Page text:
Startup Culture Lessons From Mad Men

By Dharmesh Shah on July 26, 2010

The following is a guest post by Brian Halligan who is my co-founder and CEO at HubSpot (which means he gets to do most of the really hard work). 

I recently did a lecture at a Babson MBA summer class on Entrepreneurial Leadership.  I got a lot of questions from students about how and why HubSpot won the Boston Business Journal’s #1 place to work award….hmmm….good question.onstartups mad men

At the highest level, we are trying to create a “post-modern culture” (I just came up with that term…too high falutin?).  Believe it or not, this post-modern culture was inspired by the TV show Mad Men.  The show is set in an advertising company 50 years ago and it pokes fun at corporate culture in that era.  For example, almost all of the women in the office are secretaries, many of the married men are sleeping with these secretaries, everyone boozes heavily during work hours, etc.  While watching Mad Men, I couldn’t help but wonder what a show might look like 50 years from today that poked fun at current working conditions and company culture.  That led us to think a bit about what just didn’t make sense anymore given the realities of the Gen Y worker, broadband in the home, constant connectivity via mobile devices, the modern market for hiring exceptional people, etc.

Here are some of the more interesting features of working life at a post-modern company that have come out of that Mad Men inspired thinking.

1.  Vacation Policy = No Policy: In our father’s era where people needed to come to the office to collaborate and do real work, a vacation policy made a lot of sense.  The reality is that today I get emails from HubSpotters at all hours of the night and have a steady flow during the weekend.  No one asks for vacation credit for being on their iPhone while sitting on the beach on the Cape, so why should they have to ask for permission to take vacation during the week.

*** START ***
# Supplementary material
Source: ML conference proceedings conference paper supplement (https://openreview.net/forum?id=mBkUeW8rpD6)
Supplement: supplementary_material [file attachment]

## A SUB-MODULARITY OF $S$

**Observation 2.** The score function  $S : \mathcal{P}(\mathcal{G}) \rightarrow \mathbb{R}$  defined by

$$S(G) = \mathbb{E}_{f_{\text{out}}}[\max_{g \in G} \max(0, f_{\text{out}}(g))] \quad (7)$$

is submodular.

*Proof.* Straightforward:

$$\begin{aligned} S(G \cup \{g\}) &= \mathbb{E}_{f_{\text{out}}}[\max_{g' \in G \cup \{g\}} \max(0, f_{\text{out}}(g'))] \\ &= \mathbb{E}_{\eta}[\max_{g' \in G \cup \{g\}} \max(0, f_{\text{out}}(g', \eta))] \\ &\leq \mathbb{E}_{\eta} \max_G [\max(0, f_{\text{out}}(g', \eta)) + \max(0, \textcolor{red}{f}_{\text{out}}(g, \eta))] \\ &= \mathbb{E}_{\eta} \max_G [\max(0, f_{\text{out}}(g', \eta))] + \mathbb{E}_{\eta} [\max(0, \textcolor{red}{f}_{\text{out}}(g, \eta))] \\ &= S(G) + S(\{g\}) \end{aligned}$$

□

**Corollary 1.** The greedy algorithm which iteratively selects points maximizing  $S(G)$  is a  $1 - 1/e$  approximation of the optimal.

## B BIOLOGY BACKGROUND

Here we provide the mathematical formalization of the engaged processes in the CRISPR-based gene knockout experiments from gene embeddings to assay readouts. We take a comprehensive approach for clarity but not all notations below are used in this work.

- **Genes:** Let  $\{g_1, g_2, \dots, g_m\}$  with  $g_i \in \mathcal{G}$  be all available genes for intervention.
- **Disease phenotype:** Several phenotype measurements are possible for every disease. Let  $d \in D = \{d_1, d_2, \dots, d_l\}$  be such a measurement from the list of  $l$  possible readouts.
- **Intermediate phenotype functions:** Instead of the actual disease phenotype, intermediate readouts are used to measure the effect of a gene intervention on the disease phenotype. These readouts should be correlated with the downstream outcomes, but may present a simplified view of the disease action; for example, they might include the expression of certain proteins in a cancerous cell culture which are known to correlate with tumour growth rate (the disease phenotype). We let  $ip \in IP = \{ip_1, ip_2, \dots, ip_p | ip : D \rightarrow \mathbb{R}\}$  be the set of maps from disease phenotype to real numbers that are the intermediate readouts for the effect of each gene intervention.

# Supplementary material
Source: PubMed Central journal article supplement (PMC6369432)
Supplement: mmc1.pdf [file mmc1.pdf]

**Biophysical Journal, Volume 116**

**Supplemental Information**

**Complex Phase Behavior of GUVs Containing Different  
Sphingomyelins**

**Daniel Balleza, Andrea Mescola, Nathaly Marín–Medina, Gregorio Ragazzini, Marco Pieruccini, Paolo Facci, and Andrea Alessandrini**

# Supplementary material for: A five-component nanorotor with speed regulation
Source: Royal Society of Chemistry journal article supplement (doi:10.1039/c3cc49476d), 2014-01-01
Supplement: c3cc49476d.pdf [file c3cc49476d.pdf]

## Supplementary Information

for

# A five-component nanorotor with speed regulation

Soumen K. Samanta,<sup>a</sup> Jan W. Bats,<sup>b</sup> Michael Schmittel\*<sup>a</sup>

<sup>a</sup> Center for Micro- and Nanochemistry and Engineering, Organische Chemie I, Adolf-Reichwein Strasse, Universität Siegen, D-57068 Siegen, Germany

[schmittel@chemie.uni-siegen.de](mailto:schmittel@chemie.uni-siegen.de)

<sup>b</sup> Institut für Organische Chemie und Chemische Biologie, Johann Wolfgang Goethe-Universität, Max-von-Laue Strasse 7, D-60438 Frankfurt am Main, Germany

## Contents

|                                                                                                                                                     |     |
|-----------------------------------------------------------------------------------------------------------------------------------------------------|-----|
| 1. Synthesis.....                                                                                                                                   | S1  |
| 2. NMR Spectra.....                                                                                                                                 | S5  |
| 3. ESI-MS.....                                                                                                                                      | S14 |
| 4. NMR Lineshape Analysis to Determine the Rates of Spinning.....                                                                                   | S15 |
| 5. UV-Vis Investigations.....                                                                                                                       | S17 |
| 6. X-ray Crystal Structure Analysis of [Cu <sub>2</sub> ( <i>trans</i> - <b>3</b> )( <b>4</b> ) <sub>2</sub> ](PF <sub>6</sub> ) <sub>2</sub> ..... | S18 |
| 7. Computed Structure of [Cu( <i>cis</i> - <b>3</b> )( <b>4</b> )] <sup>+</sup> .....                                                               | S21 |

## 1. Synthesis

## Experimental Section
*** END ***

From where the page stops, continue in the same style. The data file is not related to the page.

2.  “We don’t care which 80 hours you work”: In the early days of HubSpot, people used to ask us about working unusual hours or working part of the day at home and Dharmesh and I used to always say, “We don’t care which 80 hours a week you work, so long as you put in your 80.”  The reality is that most of us don’t work 80 hours, but you get the idea…

3.  Extreme Transparency:  Other than salaries, there are few secrets at HubSpot and I wonder whether we should just expose those too.  One manifestation of this extreme transparency is on the wiki where I personally write a new wiki article a couple of times a week about what is on my mind about the future of the company, problems I see that need to be solved, opportunities that I’d like folks to look into, board meeting notes, etc.  The articles are widely commented on and some of our best initiatives get spurred by these discussion threads.  Among my favorite articles written by other HubSpotters have the title “If I Were CEO Of HubSpot, I Would…”

4.  No door policy:  Many companies have an “open door policy,” but we have a “no door policy.”  No HubSpotters have an office – we all sit out in the open next to each other.  I am currently writing this article wedged between two developers, Michael and Andrew, whose work I’ve gotten to know quite well when I otherwise would have been out of touch in a corner office.

5.  Seat rotation:  If have been sitting next to Andrew and Michael for about two months, but we are about to do one of our quarterly seat rotations where we pull numbers from a hat to see who we will be sitting next to.  This ensures folks get to know different people from around the company.  I’m looking forward to seeing whom I’ll be sitting next to next week!

6.  HubSpot Fellows:  We hired Professor Andy McAfee from MIT Sloan to help us start the HubSpot Fellows Program, which is like an MBA for HubSpotters.  Courses offered so far:  Strategy HubSpot Style, Statistics, Learning Leadership From Legends, and Improving Written and Verbal Communications.  The courses are open to any HubSpotter and are taught by Andy and me.  …We did this because we want our employees to learn and we want to attract employees who like to learn.